Summary The central nervous system contains two cholinesterases; acetylcholinesterase [EC; AChE] and butyrylcholinesterase [EC; BuChE]. These are probably the most widely studied enzymes due to their extraordinary speed and the important relationship between AChE and the neurotransmitter acetylcholine (ACh). Surprisingly, no physiological role has been assigned to BuChE, nor has it a known endogenous substrate (Darvesh et al., 2003). It is difficult to accept that this enzyme has been retained without function in the evolving organism: for the present it takes its name from butyrylcholine, a synthetic substance it hydrolyses exceedingly rapidly. Interest in BuChE has risen sharply due to emerging evidence of its involvement in Alzheimer’s disease (Giacobini, 2003, 2004). We have recently discovered that human BuChE hydrolyses some isosorbide-2-esters at higher rates than butyrylcholine itself (Gilmer et al., 2002, 2005). We hypothesised that this could be used in the design of novel inhibitors of BuChE. Our design involved replacement of the vulnerable ester with carbamate functionality, which is esterase inhibitory. The approach proved highly successful. Many of the compounds in the new class exhibit nanomolar potency. The current lead compound has an IC50 of 150 picoM and more than 65,000-fold selectivity for BuChE over AChE. It is the most potent and BuChE-selective compound ever reported. It is also completely unlike any other BuChE inhibitor or substrate type. Furthermore, it is uncharged at physiological pH and highly lipophilic, attributes generally required for good blood brain barrier penetrability. These compounds hold significant promise in probing the biological role of BuChE and potentially in Alzheimer’s therapy. The aim of this project is to find out how the esters and carbamates interact with both cholinesterases and to begin exploring their therapeutic potential using medicinal chemistry in combination with clinically relevant models of AD. The overall purpose of the program is to examine the hypothesis that BuChE is a rogue protein in AD. Collaborators: Sean Reidy, Sheila Ryder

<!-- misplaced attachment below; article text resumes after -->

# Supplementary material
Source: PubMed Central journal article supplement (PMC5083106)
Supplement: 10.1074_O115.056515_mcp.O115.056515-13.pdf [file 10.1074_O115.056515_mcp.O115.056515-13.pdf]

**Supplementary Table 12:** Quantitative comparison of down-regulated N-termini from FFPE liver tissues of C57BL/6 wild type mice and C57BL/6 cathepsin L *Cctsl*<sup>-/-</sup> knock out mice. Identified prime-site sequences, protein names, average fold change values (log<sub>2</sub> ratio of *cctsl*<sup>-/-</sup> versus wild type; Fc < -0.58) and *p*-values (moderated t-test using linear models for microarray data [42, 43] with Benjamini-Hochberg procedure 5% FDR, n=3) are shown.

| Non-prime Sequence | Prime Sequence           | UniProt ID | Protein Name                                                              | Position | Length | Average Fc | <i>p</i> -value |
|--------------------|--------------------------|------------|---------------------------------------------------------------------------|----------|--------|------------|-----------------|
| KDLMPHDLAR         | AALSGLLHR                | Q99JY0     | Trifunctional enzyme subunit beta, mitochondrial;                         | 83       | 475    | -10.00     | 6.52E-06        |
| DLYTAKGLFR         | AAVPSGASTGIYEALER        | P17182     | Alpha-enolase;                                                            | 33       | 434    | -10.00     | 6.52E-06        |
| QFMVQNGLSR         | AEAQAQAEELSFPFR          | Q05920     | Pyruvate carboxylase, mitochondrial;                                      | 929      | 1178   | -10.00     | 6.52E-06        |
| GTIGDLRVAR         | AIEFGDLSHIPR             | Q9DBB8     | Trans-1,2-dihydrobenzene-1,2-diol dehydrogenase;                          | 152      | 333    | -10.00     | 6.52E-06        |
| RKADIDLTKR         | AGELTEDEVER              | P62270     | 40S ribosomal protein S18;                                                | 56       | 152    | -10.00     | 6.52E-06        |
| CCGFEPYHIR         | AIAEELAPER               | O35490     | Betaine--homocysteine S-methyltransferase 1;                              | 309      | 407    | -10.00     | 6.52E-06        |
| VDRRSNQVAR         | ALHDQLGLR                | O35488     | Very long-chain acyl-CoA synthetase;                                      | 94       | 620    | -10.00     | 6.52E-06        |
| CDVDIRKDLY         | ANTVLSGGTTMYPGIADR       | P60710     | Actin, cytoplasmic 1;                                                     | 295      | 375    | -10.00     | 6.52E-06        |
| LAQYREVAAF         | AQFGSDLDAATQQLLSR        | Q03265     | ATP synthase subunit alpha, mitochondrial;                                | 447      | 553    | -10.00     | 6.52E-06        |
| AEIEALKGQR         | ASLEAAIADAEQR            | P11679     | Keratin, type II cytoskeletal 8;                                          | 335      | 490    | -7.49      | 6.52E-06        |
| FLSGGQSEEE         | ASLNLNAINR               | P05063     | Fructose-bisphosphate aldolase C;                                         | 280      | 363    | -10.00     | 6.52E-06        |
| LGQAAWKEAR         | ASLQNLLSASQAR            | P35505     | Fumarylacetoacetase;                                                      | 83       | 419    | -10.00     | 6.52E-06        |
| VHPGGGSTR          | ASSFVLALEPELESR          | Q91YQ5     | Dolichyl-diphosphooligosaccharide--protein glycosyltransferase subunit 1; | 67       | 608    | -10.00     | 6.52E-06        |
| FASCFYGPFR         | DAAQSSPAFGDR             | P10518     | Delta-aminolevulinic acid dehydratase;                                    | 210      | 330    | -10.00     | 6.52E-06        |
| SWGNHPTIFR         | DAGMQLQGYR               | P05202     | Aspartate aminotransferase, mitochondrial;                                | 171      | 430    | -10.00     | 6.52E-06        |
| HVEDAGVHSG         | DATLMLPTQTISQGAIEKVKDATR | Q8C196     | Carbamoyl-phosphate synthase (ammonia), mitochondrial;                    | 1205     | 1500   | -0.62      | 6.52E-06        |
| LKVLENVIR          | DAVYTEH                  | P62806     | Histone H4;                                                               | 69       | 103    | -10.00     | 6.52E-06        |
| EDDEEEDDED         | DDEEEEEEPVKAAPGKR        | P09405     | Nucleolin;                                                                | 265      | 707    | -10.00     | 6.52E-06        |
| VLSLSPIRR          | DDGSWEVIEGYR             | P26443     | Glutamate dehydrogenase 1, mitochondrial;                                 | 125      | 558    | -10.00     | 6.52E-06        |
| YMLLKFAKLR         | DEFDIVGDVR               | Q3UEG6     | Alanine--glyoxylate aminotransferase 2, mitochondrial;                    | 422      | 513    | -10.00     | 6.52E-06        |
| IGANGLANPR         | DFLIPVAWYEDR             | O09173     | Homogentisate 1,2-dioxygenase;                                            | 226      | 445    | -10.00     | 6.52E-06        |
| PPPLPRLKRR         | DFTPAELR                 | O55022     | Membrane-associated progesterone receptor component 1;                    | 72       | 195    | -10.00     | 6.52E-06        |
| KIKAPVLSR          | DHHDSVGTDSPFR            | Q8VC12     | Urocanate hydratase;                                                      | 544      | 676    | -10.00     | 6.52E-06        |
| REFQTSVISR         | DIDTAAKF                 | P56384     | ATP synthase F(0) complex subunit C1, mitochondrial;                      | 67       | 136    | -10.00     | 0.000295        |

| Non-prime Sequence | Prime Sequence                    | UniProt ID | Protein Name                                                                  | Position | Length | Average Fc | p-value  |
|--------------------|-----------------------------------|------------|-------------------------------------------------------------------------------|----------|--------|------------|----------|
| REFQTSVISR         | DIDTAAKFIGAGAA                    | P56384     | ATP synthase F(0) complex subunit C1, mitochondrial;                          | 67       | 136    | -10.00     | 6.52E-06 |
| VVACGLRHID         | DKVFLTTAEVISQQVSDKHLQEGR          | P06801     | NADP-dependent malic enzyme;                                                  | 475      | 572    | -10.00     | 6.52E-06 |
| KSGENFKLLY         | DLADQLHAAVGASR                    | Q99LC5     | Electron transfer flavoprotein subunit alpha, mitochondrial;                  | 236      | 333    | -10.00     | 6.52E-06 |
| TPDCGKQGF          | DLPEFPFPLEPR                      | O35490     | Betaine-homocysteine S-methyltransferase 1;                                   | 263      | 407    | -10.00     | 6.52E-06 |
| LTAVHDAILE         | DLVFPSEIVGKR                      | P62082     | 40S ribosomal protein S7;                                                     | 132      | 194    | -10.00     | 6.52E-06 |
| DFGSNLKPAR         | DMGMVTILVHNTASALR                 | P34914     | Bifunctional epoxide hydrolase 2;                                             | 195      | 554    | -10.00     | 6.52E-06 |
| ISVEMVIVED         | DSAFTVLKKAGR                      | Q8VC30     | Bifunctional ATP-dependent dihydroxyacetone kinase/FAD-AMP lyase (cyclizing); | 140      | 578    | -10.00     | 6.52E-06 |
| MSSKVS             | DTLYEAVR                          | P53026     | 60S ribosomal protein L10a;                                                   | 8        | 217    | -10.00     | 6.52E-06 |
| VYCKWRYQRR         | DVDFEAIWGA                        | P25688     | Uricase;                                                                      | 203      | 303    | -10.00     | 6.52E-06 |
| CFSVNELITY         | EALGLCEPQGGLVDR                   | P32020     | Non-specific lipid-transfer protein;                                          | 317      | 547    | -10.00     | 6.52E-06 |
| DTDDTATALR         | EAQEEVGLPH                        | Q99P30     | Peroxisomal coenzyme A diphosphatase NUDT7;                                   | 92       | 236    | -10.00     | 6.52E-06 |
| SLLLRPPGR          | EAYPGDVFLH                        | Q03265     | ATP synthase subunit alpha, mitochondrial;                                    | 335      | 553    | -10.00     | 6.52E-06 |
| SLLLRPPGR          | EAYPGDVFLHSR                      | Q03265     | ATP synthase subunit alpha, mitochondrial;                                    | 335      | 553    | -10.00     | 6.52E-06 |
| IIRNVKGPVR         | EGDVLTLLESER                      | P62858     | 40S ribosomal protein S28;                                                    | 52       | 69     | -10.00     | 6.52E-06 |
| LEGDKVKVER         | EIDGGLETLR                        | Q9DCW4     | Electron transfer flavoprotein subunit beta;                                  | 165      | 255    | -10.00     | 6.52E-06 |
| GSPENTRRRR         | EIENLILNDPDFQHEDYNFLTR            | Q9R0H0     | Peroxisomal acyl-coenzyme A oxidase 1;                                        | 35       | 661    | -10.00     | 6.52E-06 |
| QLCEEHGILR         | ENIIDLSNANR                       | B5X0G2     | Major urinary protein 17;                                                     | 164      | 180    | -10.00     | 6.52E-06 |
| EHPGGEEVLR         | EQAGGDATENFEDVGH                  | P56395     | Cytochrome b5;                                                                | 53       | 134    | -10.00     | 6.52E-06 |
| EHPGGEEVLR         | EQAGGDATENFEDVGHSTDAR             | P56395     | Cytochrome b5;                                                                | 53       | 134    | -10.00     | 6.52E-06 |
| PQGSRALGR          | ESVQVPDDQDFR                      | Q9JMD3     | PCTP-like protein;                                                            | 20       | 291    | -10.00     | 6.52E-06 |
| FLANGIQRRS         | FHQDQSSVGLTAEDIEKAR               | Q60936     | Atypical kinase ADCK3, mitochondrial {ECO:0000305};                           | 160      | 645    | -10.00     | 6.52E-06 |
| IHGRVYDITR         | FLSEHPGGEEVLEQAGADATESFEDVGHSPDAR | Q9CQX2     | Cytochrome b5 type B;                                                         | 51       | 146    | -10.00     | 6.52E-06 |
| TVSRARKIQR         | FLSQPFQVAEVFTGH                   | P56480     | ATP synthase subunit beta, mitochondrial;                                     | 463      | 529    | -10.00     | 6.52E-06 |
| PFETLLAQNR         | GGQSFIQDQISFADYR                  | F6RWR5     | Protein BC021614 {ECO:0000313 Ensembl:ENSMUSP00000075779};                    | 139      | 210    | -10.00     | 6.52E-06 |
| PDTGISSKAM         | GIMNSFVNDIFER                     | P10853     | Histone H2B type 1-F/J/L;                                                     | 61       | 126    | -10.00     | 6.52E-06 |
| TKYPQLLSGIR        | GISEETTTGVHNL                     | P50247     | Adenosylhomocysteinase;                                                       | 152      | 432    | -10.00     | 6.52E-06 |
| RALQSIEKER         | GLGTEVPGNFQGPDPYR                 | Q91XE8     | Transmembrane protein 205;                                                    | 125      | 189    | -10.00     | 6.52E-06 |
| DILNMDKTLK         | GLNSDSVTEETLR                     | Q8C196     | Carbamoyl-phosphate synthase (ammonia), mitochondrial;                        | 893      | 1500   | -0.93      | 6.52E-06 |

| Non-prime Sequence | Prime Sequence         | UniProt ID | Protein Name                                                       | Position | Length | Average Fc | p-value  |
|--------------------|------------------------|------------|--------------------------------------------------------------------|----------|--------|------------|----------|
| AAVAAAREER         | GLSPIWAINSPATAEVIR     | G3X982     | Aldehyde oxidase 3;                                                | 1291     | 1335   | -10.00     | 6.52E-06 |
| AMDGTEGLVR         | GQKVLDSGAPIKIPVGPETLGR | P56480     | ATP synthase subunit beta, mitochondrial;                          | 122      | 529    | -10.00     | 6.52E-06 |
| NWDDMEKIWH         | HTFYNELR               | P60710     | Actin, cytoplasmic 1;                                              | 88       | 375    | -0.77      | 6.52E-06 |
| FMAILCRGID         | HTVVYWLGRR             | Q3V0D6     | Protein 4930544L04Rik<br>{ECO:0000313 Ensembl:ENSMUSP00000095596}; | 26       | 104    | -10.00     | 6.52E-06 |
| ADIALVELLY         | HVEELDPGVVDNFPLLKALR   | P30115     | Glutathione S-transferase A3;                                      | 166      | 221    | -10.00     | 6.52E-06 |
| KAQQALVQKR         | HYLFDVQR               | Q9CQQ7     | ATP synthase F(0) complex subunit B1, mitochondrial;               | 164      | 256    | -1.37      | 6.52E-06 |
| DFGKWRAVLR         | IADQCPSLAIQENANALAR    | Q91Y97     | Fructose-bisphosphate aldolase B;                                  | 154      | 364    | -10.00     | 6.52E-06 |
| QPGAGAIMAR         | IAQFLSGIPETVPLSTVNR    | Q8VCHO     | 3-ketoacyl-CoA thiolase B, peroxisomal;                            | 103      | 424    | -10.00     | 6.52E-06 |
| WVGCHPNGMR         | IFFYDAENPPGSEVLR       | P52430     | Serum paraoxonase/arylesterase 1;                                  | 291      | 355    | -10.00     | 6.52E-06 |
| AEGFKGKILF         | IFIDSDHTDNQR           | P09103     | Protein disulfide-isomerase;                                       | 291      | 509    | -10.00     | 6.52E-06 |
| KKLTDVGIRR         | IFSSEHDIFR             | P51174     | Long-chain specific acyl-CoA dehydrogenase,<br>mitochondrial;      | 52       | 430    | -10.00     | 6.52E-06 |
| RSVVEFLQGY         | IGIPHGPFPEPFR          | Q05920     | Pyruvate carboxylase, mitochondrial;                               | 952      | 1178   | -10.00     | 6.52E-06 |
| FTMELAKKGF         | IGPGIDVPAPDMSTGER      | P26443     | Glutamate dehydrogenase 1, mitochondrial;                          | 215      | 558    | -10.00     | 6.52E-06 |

Funding Agency SFI
Programme Research-Frontiers 2005_CHE046
Type of Project Basic Research
Date from 2005
Date to 2008
Person Months 72

Project title A new system for targeting steroids to the colon